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Description de l’éditeur
From the only American journalist ever to have been admitted to the insular Tokyo Metropolitan Police press club: a unique, firsthand, revelatory look at Japanese culture from the underbelly up.
At nineteen, Jake Adelstein went to Japan in search of peace and tranquility. What he got was a life of crime . . . crime reporting, that is, at the prestigious Yomiuri Shinbun. For twelve years of eighty-hour workweeks, he covered the seedy side of Japan, where extortion, murder, human trafficking, and corruption are as familiar as ramen noodles and sake. But when his final scoop brought him face to face with Japan's most infamous yakuza boss-and the threat of death for him and his family-Adelstein decided to step down . . . momentarily. Then, he fought back.
In Tokyo Vice, Adelstein tells the riveting, often humorous tale of his journey from an inexperienced cub reporter-who made rookie mistakes like getting into a martial-arts battle with a senior editor-to a daring, investigative journalist with a price on his head. With its vivid, visceral descriptions of crime in Japan and an exploration of the world of modern-day yakuza that even few Japanese ever see, Tokyo Vice is a deeply thought-provoking book: equal parts cultural exposé, true crime, and hard-boiled noir.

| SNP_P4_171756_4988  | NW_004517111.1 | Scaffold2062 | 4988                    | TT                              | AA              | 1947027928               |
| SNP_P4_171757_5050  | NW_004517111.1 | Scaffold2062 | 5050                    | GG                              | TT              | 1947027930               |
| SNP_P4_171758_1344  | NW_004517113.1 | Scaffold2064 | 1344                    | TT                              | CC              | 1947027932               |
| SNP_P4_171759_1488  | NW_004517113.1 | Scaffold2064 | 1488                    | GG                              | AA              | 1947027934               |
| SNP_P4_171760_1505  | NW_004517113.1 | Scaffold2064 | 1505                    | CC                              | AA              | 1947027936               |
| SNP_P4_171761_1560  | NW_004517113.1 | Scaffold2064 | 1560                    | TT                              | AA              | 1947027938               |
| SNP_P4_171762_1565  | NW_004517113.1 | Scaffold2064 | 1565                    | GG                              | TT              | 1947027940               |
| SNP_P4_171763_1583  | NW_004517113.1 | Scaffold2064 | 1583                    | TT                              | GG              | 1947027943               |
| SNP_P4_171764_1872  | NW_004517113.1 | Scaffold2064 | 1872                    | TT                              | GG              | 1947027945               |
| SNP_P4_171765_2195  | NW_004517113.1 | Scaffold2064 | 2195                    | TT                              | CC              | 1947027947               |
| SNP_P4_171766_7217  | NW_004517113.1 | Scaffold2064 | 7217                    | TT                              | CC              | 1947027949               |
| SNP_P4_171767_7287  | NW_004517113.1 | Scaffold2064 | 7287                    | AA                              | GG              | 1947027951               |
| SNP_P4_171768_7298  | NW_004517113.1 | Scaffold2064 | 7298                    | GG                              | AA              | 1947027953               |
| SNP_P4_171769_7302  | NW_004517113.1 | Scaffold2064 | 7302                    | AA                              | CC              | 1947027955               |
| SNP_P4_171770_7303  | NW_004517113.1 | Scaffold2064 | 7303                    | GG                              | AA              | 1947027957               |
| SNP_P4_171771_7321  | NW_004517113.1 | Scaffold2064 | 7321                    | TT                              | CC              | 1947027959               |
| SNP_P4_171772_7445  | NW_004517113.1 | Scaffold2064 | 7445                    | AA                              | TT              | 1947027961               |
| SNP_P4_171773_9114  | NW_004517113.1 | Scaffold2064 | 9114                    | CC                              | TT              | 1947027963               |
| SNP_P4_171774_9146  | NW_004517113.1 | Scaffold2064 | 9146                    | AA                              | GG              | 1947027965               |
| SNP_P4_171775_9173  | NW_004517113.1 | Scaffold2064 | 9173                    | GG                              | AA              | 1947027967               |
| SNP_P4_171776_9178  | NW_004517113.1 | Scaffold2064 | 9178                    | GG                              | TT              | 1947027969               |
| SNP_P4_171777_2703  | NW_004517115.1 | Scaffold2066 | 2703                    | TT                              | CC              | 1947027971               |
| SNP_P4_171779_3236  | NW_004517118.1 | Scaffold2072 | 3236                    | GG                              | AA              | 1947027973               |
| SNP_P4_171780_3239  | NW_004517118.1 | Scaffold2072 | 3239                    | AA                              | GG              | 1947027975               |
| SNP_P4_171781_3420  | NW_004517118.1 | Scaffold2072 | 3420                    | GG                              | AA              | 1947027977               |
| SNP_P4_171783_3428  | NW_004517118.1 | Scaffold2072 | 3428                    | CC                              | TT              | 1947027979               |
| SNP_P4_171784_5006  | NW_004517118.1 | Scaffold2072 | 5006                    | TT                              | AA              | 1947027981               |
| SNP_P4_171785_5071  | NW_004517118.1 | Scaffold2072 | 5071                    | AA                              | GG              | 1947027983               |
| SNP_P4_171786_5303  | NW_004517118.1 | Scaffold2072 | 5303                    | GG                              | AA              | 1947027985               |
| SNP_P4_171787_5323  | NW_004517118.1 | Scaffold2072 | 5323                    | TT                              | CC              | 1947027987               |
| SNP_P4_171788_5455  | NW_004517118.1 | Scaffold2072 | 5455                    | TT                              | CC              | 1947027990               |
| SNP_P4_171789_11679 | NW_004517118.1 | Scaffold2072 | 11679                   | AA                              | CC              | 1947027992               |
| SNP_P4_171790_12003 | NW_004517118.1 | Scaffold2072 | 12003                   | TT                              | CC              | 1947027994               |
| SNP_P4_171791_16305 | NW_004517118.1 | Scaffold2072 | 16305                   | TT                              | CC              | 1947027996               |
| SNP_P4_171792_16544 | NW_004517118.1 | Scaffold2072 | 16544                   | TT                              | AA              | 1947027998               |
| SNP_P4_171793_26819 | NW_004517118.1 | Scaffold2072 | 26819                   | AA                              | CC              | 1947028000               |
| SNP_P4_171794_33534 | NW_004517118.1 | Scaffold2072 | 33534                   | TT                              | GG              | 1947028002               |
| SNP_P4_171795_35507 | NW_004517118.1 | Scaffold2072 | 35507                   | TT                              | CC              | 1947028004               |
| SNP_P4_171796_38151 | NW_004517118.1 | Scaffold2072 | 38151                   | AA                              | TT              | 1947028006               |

A young Japanese-schooled Jewish-American who worked as a journalist at Tokyo newspaper Yomiuri Shinbun during the 1990s, debut author Adelstein began with a routine, but never dull, police beat; before long, he was notorious worldwide for engaging the dirtiest, top-most villains of Japan's organized criminal underworld, the yakuza. A pragmatic but sensitive character, Adelstein's worldview takes quite a beating during his tour of duty; thanks to his immersive reporting, readers suffer with him through the choice between personal safety and a chance to confront the evil inhabiting his city. He learns that "what matters is the purity of the information, not the person providing it," considers personal and societal theories behind Tokyo's illicit and semi-illicit pastimes like "host and hostess clubs," where citizens pay for the illusion of intimacy: "The rates are not unreasonable, but the cost in human terms are incredibly high." Adelstein also examines the investigative reporter's tendency to withdraw into cynicism ("when a reporter starts to cool down, it's very hard... ever to warm up again") but faithfully sidesteps that urge, producing a deeply thought-provoking book: equal parts cultural expos , true crime, and hard-boiled noir.